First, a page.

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Positive effect of medication for diabetes on renal function can be applied directly in clinical practice

18 December 2019

​​Certain glucose lowering drugs prescribed for patients with type 2 diabetes can markedly delay the progression of kidney function decline. A new class of  glucose lowering drugs, so called sodium-glucose transporter (SGLT-2) inhibitors, reduce the risks of dialysis by approximately 50% compared to commonly used glucose lowering drugs. Only half of the number of patients still needed dialysis compared with patients taking other medication designed to lower glucose levels. Previous studies had already shown this effect, but it now seems to be a direct and feasible option in clinical practice. The findings come from a large-scale international study headed by Professor of Clinical Pharmacology Hiddo Lambers Heerspink from the University Medical Center Groningen (UMCG). He analysed data from over 65,000 patients who had been prescribed medication for type 2 diabetes. The findings from his research have been published in the authoritative Lancet Diabetes & Endocrinology.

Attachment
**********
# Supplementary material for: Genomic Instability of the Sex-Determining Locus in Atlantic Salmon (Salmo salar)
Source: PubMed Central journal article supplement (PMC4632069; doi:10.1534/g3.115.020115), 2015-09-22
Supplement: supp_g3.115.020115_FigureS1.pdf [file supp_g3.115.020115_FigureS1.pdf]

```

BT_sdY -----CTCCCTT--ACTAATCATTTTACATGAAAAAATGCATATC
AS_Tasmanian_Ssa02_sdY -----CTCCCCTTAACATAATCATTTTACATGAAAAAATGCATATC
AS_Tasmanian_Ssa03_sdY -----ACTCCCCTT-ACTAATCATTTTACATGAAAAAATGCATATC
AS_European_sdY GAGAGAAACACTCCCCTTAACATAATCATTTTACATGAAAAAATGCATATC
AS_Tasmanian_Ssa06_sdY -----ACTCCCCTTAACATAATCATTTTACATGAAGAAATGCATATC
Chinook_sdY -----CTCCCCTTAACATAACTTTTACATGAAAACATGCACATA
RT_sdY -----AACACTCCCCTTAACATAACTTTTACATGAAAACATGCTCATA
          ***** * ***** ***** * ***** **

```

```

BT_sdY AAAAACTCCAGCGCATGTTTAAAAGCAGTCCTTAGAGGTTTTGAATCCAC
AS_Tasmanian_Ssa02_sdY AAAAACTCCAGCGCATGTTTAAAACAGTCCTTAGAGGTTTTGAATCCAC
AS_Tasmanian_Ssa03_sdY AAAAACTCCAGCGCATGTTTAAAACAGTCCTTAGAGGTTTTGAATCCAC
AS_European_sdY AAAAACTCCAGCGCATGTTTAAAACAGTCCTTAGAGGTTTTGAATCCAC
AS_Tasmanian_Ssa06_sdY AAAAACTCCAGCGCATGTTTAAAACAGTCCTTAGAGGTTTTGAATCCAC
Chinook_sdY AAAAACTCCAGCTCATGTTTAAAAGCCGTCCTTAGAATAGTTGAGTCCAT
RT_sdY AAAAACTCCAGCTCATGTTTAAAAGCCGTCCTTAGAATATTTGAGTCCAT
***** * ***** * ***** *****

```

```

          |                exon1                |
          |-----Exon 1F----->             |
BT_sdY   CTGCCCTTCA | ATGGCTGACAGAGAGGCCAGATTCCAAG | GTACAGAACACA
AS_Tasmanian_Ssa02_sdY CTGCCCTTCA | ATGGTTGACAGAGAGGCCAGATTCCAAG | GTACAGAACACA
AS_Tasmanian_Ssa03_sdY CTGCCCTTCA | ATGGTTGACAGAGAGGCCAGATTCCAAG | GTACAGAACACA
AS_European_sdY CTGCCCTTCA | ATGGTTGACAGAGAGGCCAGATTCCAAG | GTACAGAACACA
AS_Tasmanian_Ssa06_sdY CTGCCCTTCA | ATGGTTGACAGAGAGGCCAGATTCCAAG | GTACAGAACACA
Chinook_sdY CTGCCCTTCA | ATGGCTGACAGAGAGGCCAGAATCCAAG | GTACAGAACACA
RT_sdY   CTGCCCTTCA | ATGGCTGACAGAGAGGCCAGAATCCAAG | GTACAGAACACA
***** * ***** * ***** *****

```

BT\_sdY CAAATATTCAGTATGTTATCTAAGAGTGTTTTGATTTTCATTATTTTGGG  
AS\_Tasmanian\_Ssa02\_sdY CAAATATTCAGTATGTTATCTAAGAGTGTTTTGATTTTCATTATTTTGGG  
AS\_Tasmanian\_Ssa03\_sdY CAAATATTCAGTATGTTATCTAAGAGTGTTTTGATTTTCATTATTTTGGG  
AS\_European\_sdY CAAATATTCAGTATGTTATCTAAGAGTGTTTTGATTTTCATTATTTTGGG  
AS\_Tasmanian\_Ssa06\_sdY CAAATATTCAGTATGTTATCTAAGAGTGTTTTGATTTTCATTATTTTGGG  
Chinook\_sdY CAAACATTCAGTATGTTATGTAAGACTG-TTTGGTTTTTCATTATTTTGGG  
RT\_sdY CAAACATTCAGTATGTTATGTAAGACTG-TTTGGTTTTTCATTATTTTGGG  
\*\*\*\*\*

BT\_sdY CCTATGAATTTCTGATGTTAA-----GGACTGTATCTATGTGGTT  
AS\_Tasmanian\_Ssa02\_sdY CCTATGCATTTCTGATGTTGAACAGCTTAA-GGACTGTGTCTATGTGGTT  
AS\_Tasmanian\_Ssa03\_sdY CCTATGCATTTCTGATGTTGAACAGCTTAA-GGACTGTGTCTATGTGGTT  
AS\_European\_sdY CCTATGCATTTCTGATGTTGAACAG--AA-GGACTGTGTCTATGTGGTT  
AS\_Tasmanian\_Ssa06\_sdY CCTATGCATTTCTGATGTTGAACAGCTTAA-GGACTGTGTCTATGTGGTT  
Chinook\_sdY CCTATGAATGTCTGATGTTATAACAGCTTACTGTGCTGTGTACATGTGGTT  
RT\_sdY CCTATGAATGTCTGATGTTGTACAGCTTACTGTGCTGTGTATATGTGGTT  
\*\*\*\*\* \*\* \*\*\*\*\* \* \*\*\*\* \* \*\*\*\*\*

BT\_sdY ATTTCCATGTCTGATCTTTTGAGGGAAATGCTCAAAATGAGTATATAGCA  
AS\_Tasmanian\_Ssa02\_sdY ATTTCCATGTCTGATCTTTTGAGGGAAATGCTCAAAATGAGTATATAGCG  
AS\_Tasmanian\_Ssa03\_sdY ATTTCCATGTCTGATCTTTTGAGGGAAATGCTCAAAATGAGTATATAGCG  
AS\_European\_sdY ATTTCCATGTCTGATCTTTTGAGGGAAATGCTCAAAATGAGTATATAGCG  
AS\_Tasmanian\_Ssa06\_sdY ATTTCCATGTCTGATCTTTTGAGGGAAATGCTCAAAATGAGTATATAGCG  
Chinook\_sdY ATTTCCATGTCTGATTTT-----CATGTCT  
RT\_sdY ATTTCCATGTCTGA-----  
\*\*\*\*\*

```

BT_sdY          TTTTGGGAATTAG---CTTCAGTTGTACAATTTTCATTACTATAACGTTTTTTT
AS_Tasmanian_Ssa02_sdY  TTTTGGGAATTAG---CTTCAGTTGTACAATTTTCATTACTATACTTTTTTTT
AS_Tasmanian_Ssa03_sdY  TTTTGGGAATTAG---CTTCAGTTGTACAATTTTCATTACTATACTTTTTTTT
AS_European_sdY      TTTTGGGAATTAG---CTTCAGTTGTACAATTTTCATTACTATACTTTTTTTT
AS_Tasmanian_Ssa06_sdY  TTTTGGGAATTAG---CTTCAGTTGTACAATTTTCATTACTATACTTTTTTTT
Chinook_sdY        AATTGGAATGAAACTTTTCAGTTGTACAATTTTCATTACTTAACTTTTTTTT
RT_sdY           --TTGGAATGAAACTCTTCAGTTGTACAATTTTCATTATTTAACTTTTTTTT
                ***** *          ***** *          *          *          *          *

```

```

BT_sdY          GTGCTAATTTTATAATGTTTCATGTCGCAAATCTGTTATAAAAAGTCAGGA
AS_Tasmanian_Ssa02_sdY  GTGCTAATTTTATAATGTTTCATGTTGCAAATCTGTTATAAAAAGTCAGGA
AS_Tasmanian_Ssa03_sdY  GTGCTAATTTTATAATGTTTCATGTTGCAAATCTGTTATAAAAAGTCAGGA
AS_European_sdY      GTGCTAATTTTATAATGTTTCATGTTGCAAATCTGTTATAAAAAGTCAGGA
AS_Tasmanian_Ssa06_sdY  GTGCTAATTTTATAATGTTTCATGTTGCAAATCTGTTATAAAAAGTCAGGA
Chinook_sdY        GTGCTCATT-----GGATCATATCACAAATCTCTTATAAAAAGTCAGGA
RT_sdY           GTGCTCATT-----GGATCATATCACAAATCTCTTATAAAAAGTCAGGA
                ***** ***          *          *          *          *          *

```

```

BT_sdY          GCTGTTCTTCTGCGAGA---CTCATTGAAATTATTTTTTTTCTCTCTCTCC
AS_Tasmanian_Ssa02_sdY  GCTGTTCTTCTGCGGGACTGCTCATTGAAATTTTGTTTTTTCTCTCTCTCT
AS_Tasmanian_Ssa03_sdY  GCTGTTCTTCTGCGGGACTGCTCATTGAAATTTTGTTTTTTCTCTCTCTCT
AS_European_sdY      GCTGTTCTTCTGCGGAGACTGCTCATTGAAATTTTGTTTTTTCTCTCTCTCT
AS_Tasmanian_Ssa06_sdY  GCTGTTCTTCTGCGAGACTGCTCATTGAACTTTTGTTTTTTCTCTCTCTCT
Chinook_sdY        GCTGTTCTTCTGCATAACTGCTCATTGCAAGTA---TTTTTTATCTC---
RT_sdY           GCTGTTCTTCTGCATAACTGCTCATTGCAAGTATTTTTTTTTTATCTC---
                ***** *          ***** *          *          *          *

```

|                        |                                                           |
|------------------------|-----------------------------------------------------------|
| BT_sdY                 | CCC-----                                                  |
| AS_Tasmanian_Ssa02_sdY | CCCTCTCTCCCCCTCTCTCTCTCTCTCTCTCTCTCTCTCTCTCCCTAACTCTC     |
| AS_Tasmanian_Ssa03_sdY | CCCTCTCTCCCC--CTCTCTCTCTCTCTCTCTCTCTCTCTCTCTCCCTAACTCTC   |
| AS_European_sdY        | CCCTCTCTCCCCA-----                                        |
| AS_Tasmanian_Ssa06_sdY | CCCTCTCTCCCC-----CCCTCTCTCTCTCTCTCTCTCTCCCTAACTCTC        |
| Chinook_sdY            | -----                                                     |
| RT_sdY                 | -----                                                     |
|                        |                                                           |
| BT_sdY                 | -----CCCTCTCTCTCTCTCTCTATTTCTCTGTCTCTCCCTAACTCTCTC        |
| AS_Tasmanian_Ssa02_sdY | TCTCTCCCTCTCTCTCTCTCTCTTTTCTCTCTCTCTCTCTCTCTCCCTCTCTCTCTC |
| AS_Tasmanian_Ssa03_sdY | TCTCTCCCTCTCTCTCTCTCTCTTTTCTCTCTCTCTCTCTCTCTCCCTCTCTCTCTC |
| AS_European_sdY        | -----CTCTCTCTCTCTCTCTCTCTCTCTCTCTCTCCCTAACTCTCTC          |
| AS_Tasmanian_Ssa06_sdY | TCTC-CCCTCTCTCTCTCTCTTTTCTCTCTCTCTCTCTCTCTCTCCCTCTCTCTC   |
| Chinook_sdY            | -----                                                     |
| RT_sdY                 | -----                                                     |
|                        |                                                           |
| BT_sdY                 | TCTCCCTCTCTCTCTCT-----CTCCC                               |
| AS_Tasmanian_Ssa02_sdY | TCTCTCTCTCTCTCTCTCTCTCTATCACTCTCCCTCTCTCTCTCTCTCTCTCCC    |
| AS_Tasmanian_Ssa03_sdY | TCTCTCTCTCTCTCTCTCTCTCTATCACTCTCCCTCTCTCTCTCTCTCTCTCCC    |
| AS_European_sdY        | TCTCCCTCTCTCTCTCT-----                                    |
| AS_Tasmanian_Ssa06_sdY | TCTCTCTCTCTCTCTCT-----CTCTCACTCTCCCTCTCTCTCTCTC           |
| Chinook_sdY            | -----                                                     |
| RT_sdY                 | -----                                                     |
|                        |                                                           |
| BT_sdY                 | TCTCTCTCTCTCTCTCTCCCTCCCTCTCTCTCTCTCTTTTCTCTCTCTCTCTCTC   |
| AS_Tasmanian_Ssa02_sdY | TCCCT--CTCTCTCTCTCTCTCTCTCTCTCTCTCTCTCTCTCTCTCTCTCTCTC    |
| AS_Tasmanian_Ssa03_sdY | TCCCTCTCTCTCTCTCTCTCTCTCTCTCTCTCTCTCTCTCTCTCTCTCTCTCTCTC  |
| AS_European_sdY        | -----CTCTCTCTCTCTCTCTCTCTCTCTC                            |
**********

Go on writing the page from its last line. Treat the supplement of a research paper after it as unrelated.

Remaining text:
SGLT-2 inhibitors are prescribed for patients with type 2 diabetes. In the near future, they will also most likely be prescribed for patients with type 2 diabetes and reduced renal function. They will be prescribed for patients who have no other way of reducing their blood sugar levels. Some 40% of people with diabetes develop kidney disease. The aim of the study was to work out whether the use of SGLT-2 inhibitors in clinical practice would indeed slow down the deterioration of renal function. Lambers Heerspink worked together with researchers from Japan, Taiwan, Israel, Italy and Great Britain and used data from over 65,000 patients. 

The research revealed that the SGLT-2 inhibitors clearly slowed down the deterioration of renal function. It also showed that the effect of SGLT-2 inhibitors is much more powerful than other diabetes medication. Only half of the number of patients still needed dialysis and the deterioration of renal function was twice as slow as in patients taking other medication. This vastly improves the quality of life of these patients. 

According to Lambers Heerspink, the results of this research can be applied directly in clinical practice. ‘The medication has already been registered so it is now up to doctors to start prescribing it to their patients. The efficacy and safety of the drug have been demonstrated in several meticulous clinical trials and so it is now good-to-go in clinical practice. The international guidelines are currently being amended to recommend the use of this medication.​​​​​ The American and European kidney associations are also endorsing its use.’

Some 1.2 million people in the Netherlands have diabetes, with 1,200 new cases being diagnosed every month.